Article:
CLOSE

Underground Farm Opens Up in London's Abandoned World War II Bunkers

A bomb shelter from World War II has become London’s hottest new farm. Growing Underground, opening this week, is the epitome of local food: everything is grown right under the streets of Clapham, in south London. 

Tunnels that 70 years ago contained beds to house Londoners now contain beds to feed Londoners,” the farmers say

Image Credit: Zero Carbon Food ZCF via Flickr, courtesy Growing Underground


Using a clean-room loaded with LED lights and hydroponic growing technology, the farm grows vegetables 100 feet down. The produce is picked, packed, and on market shelves within just four hours. Radish, mustard, coriander, parsley, celery, and other greens should be hitting restaurants and stores sometime this month

Image Credit: Growing Underground

The project turns infrastructure made to house frightened citizens into a way to feed the city using fewer resources than traditional farming, which requires more land and trucks to ship the final product into restaurants and markets. They hope to get the project certified carbon-neutral, making Londoners’ salads will be even more guilt-free than usual. 

[h/t: Neatorama]

Original image
iStock
arrow
Food
Thanks to a Wet Winter, New Zealand Faces a Potential Potato Chip Shortage
Original image
iStock

New Zealand has plenty of unique and tasty snacks, but kiwis also love potato chips. The universal comfort food is in danger Down Under, however, as an unusually wet winter has devastated the island country’s tuber crops, according to BBC News.

Twenty percent of New Zealand’s annual potato crop was wiped out from a series of major storms and floods that ravaged the nation’s North and South Islands, The Guardian reports. In some regions, up to 30 percent of potato crops were affected, with the varieties used to make chips bearing the brunt of the damage.

Potato prices spiked as farmers struggled, but the crisis—now dubbed “chipocalypse” by media outlets—didn't really make the mainstream news until supermarket chain Pak’nSave posted announcements in potato chip aisles that warned customers of a salty snack shortage until the New Year.

Pak’nSave has since rescinded this explanation, claiming instead that they made an ordering error. However, other supermarket chains say they’re working directly with potato chip suppliers to avoid any potential shortfalls, and are aware that supplies might be limited for the foreseeable future.

New Zealand’s potato farming crisis extends far beyond the snack bars at rugby matches and vending machines. Last year’s potato crops either rotted or remained un-harvested, and the ground is still too wet to plant new ones. This hurts New Zealand’s economy: The nation is the world’s ninth-largest exporter of potatoes.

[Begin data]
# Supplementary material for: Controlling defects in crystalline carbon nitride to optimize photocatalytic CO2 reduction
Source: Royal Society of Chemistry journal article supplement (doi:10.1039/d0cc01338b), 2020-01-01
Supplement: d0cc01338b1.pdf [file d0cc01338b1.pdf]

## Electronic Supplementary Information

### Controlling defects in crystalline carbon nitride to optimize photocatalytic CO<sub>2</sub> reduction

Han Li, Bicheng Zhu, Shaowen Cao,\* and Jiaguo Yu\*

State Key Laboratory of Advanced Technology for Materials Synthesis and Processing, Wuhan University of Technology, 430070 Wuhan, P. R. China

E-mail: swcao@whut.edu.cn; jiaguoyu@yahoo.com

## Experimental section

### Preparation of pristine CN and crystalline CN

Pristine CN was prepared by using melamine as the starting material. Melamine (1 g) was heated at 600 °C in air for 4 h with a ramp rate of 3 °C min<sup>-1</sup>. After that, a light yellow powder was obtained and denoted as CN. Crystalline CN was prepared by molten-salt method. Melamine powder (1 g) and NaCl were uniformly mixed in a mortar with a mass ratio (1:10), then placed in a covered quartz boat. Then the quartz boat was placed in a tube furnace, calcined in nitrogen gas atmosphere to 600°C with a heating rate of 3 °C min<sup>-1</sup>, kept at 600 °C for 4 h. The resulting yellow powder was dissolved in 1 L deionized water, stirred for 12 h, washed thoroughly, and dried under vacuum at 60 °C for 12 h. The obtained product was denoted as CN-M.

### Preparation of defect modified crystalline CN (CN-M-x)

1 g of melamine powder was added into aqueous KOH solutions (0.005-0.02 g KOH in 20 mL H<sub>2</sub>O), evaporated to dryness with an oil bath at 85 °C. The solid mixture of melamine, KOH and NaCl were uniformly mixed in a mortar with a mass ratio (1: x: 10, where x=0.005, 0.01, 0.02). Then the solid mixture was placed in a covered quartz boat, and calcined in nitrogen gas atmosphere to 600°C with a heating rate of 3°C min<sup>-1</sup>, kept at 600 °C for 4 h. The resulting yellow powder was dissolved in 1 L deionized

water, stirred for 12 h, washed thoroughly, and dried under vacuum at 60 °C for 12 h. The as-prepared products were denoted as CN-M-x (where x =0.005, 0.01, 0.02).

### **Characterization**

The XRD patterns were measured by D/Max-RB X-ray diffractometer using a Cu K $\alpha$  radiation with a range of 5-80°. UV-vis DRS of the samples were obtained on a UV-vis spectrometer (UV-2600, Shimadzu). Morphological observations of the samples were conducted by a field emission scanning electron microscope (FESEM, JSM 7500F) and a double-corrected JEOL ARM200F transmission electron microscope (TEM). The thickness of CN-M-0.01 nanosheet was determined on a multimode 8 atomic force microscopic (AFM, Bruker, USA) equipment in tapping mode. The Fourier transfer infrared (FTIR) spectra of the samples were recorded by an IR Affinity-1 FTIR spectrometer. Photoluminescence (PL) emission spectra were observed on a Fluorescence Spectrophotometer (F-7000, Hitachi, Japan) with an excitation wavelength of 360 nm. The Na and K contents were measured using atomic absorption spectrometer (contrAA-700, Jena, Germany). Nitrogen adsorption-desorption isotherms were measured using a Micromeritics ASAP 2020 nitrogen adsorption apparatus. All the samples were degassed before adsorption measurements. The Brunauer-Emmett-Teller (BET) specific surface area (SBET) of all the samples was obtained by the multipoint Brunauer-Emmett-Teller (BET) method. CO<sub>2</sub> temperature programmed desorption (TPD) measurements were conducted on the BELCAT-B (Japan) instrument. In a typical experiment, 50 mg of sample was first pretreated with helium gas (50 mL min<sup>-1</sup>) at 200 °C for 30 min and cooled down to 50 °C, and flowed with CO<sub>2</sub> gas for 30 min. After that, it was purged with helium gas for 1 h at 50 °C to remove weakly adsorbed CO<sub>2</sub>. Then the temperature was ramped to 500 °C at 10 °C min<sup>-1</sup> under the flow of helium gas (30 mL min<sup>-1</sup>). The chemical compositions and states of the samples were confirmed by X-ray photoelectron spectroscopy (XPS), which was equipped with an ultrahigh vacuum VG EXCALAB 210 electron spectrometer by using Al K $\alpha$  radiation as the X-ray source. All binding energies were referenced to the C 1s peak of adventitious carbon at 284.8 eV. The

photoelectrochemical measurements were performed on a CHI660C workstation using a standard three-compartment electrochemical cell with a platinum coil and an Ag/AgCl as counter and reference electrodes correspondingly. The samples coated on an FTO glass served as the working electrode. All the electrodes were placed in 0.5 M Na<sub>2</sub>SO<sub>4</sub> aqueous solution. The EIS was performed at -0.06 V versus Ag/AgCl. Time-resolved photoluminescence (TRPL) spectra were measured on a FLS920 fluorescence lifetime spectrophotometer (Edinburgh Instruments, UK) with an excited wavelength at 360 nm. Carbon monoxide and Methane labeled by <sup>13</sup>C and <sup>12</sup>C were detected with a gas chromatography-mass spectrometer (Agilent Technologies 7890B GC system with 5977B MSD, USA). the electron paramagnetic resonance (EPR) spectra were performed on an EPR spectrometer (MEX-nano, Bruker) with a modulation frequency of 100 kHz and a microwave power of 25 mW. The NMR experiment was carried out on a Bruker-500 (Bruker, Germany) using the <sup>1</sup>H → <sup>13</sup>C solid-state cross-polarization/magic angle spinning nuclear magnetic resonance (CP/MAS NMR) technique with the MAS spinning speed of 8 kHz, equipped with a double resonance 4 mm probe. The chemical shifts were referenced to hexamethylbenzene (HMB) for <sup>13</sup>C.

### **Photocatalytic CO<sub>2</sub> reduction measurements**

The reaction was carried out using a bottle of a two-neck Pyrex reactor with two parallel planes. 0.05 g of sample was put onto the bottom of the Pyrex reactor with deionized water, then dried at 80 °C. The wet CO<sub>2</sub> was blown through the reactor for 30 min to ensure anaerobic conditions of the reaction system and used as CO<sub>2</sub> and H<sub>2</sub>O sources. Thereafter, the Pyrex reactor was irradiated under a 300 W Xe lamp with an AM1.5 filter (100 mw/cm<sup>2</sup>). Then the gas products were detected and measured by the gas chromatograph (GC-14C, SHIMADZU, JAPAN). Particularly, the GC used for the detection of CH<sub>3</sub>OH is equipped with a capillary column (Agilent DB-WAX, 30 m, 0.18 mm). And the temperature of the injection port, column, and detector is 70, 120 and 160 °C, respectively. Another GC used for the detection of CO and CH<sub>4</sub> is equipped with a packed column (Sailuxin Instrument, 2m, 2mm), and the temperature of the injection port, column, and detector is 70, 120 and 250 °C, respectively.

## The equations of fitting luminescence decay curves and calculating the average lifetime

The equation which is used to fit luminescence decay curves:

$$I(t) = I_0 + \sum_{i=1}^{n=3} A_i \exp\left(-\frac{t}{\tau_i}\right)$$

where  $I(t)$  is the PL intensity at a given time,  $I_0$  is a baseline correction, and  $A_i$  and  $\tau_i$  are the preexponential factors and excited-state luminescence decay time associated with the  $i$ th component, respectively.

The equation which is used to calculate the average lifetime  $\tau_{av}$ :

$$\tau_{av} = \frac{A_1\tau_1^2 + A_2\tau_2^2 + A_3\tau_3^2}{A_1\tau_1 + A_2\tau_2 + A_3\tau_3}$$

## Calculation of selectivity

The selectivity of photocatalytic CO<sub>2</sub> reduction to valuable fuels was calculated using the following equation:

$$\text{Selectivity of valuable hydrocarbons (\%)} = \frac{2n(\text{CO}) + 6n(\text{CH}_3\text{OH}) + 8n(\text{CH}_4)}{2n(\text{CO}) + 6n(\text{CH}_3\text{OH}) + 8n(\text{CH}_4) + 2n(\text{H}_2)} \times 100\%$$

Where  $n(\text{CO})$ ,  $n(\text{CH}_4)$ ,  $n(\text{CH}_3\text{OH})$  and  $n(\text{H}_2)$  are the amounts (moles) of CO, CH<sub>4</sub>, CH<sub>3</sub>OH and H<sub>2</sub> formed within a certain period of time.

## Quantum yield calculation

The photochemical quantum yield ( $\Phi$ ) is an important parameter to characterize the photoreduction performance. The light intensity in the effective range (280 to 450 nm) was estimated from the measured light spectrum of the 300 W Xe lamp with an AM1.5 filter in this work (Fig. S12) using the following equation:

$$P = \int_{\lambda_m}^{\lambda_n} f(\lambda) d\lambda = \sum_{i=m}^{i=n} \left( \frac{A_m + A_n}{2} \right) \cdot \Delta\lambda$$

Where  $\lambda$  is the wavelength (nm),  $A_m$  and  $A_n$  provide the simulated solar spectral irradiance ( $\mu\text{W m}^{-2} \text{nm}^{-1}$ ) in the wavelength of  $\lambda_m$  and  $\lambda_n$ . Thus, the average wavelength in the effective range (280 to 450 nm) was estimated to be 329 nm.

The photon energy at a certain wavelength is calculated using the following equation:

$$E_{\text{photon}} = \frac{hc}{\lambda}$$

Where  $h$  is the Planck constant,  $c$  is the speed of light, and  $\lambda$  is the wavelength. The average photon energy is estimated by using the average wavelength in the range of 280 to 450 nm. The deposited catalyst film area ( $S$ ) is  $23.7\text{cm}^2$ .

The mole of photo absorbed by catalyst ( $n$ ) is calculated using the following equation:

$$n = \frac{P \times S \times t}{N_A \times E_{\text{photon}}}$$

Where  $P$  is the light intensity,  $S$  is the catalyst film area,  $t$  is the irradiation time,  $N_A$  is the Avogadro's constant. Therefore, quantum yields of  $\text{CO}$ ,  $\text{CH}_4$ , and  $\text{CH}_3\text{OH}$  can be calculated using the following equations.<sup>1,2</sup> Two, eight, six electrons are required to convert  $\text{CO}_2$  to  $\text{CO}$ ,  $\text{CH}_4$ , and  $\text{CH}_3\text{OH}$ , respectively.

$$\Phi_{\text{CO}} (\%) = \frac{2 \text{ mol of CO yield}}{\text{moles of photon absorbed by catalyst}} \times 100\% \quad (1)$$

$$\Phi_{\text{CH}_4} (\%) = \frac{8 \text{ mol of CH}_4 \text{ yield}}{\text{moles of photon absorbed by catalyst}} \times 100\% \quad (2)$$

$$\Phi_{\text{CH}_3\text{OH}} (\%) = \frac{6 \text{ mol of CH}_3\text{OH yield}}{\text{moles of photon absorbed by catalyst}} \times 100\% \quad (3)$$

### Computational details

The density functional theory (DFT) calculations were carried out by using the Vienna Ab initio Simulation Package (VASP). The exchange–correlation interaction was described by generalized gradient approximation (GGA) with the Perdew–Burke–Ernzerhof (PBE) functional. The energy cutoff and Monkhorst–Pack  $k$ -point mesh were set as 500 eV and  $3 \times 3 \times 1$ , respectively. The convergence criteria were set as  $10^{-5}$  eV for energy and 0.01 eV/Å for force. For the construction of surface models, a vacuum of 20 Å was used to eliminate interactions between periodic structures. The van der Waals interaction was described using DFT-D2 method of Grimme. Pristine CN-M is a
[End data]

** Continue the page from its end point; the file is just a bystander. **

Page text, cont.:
Plus, potatoes “are a food staple, and this is becoming a food security issue as the effects of climate change take their toll on our potato crop,” says Chris Claridge, the chief executive of industry group Potatoes New Zealand, according to The Guardian.

In the meantime, New Zealanders are preparing to hunker down for a few long months of potential potato peril—and according to some social media users, kale chips are not a suitable alternative. “Chipocalypse” indeed.

[h/t BBC News]

Original image
iStock
arrow
Weird
See (Probably) the World's Heaviest Squash in All Its Glory
Original image
iStock

A Rhode Island man has likely set a world record for growing the world’s heaviest squash, the Associated Press reports.

Joe Jutras stole the show with his giant squash at last weekend’s Southern New England Giant Pumpkin Growers Pumpkin Weigh-off. It tipped the scales at 2118 pounds, shattering grower Scott Holub’s 2016 record of 837 pounds.

Jutras, a retired cabinet maker from Scituate, Rhode Island, has spent the last 20 years or so growing giant foods, according to NPR. In 2006, he scored a Guinness Record for producing the world's longest gourd (127 inches), and in 2007 he grew a record-breaking pumpkin that weighed 1689 pounds. These titles are no longer in the book, but Jutras is still the only person who’s ever set world records in the pumpkin, gourd, and squash categories, making him a celebrity of sorts among growers.

Jutras says he’s finally seeing the (literal) fruits of his labor, after trying for years to hit this elusive trifecta. A few years ago he was on track with another giant squash, but it split before weigh-in time. This time around, Jutras used a seed from last year’s world-record holding squash and nurtured it to greatness using new and improved farming techniques.

Guinness still hasn’t confirmed Jutras’s giant squash as the world’s largest, but he’s confident that it will reign supreme. As for the hefty fruit itself, it’s going on display at the New York Botanical Garden, where it will be carved for a Halloween display.

[h/t Associated Press]

SECTIONS

arrow
LIVE SMARTER
More from mental floss studios